Weekly Health Update:
Soy & Curcumin Reduce Prostate-Specific Antigen (PSA)
By, Robert A. Wascher, MD, FACS
The information in this column is intended for informational purposes only, and does not constitute medical advice or recommendations by the author. Please consult with your physician before making any lifestyle or medication changes, or if you have any other concerns regarding your health.
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SOY & CURCUMIN REDUCE PROSTATE-SPECIFIC ANTIGEN (PSA)
Regular readers of this column are already aware that the regular consumption of foods containing soy isoflavones may be associated with a reduced risk of developing prostate cancer, and other types of cancer as well. Curcumin, as curry lovers know, is contained within the spice known as turmeric. Curcumin has been extensively studied, and it too may possess anti-cancer properties as well. Both of these dietary compounds are thought to have potent anti-inflammatory effects on the prostate gland, and on other organs of the body. Additionally, soy isoflavones also act weak estrogens (“phytoestrogens”), and may suppress prostate gland activity on this basis too.
Prostate cancers, as well as the normal prostate gland cells that give rise to prostate cancer, produce PSA (prostate-specific antigen), which allows doctors to detect new or recurrent prostate cancers by measuring the level of PSA in the blood. A newly published research study, which appears in the current issue of the journal The Prostate, adds further evidence that soy isoflavones and curcumin may have an important role to play in prostate cancer prevention and, possibly, prostate cancer treatment.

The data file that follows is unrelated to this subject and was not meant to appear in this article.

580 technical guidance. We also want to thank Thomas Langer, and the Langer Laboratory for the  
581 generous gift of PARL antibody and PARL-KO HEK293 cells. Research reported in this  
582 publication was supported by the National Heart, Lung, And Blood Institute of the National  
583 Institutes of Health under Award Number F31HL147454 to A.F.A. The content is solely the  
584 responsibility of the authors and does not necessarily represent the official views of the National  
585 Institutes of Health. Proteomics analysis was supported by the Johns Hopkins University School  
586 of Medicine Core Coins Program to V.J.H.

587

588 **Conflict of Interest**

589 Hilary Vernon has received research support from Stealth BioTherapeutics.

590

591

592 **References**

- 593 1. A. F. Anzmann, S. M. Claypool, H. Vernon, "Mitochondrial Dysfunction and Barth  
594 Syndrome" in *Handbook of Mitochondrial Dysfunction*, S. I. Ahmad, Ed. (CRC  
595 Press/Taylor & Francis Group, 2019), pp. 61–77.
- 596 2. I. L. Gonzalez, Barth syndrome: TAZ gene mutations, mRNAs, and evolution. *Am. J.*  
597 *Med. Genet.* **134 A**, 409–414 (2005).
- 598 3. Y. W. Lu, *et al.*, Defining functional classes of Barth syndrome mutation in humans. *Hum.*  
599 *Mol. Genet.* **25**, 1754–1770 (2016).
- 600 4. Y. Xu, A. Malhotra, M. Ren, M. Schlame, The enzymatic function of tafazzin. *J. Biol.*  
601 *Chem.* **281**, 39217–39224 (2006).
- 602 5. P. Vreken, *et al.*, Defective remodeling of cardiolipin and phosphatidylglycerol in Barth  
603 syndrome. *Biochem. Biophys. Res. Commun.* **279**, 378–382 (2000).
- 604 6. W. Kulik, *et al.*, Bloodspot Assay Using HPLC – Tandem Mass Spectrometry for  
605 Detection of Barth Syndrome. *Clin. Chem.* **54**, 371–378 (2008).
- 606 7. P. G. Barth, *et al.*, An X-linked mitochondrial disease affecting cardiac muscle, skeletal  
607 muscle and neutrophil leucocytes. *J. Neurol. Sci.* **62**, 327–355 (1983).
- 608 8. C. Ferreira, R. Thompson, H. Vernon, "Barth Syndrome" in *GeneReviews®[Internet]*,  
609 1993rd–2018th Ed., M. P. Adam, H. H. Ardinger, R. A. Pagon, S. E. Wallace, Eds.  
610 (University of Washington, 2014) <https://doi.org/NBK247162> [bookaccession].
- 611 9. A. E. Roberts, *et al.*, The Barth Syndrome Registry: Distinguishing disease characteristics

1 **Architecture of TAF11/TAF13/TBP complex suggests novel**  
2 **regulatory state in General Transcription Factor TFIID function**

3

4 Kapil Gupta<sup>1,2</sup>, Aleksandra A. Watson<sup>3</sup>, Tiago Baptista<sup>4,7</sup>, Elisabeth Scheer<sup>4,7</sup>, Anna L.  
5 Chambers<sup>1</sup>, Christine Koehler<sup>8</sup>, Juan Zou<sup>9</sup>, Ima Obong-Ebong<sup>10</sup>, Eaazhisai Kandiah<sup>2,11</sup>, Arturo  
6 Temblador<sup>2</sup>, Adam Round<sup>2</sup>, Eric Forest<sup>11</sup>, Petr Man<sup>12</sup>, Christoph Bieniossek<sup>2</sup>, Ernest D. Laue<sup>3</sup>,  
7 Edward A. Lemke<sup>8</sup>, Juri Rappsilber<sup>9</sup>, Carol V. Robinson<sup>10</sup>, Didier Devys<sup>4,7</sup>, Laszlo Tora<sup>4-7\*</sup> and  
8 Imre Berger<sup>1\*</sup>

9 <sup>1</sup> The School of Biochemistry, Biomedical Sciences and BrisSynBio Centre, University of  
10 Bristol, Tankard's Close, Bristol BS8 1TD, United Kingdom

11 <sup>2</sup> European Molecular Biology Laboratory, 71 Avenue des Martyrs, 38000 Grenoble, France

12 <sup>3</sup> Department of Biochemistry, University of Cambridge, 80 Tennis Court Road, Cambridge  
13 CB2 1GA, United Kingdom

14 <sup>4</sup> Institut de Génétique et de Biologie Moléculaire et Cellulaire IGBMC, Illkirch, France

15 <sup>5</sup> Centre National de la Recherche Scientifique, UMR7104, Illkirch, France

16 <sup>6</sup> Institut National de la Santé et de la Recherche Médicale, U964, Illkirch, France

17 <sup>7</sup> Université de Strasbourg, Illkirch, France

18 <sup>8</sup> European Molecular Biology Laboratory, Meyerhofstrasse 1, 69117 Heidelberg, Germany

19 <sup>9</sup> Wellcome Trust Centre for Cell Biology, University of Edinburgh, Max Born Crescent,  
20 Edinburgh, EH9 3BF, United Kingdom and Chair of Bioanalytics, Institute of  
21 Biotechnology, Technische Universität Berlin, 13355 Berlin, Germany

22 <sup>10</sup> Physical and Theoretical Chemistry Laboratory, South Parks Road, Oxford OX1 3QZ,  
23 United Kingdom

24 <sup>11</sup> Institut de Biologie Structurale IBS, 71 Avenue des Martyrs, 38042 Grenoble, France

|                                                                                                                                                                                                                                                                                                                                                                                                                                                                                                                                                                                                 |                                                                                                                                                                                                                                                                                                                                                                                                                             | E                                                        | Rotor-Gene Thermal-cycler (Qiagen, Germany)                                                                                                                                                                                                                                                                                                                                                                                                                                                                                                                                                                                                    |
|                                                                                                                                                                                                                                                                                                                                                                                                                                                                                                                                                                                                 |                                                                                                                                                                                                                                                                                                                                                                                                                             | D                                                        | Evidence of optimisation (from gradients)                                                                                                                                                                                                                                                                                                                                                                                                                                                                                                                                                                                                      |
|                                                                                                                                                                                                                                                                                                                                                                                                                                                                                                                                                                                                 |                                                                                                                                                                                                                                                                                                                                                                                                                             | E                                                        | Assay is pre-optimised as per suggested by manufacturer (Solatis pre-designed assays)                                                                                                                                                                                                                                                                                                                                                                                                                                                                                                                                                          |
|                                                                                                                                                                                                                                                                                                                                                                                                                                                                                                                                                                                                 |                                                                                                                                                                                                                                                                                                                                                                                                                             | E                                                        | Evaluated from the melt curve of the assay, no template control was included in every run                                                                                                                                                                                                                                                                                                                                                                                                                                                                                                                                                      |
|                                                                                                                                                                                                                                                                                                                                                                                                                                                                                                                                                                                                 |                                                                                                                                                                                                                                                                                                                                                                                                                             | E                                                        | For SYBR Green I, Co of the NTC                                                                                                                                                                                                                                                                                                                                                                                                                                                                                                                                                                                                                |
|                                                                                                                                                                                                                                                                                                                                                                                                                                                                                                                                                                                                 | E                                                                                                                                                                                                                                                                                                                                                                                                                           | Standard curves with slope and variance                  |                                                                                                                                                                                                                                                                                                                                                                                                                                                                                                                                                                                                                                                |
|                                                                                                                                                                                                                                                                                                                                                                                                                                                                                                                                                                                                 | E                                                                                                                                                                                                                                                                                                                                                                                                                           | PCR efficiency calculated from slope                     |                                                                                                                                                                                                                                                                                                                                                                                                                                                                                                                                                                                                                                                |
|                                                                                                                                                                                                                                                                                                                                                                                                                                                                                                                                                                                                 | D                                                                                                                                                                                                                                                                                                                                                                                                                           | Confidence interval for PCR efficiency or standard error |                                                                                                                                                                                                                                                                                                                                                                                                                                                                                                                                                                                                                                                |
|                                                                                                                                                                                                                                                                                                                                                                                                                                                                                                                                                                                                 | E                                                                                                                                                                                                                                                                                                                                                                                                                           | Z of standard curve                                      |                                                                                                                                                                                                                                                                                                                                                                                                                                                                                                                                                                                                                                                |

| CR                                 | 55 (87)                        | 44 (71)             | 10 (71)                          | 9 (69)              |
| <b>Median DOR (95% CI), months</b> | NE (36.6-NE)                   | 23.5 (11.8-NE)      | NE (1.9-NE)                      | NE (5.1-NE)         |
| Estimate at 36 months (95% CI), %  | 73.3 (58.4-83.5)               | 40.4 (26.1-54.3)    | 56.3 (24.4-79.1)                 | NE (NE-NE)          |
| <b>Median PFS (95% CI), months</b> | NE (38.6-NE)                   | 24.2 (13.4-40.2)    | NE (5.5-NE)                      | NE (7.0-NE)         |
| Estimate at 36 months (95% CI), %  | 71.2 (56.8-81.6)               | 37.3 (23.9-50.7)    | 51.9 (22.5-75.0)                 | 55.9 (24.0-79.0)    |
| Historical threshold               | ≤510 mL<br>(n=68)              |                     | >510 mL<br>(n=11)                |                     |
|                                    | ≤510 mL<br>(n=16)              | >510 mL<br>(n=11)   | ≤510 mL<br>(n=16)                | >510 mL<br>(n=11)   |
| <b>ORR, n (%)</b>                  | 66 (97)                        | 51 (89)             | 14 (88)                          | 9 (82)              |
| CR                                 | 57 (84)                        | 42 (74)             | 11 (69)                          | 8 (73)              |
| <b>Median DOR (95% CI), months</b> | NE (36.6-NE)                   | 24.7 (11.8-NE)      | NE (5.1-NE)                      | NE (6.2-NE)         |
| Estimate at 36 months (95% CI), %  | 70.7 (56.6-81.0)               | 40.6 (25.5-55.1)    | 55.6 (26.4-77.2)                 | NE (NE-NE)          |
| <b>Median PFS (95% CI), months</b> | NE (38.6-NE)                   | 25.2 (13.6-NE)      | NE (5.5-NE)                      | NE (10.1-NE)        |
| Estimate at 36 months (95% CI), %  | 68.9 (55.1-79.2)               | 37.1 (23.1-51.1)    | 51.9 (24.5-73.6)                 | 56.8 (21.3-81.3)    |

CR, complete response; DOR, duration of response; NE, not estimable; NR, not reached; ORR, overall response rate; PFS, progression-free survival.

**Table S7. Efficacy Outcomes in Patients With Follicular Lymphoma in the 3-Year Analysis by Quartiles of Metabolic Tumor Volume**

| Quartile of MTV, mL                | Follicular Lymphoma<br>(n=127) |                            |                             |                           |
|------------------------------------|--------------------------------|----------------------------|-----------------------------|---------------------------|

This study consisted of both a laboratory experiment and a small clinical research trial with human volunteers. In the laboratory portion of this study, human prostate cancer cells were treated with soy isoflavones and curcumin. When these prostate cancer cells were treated with soy isoflavones and curcumin, the production of PSA by these cells was dramatically decreased. Moreover, a receptor for male sex hormones, which prostate cancers use to fuel their growth, was significantly suppressed following treatment of these cells with soy isoflavones and curcumin.
In the clinical portion of this research study, men who had undergone prostate gland biopsies due to an elevated PSA blood level, but who were subsequently found not to have prostate cancer, were also evaluated. In this prospective, randomized, placebo-controlled trial, 85 men without prostate cancer, but with elevated blood PSA levels, were divided into two groups. The “experimental group” of men received curcumin and soy isoflavones once per day. The “control group” of men received a placebo (“sugar pill”) once per day. Neither group of male volunteers, nor the research assistants who dispensed these pills, knew which men received the placebo pills and which received the soy isoflavone and curcumin pills.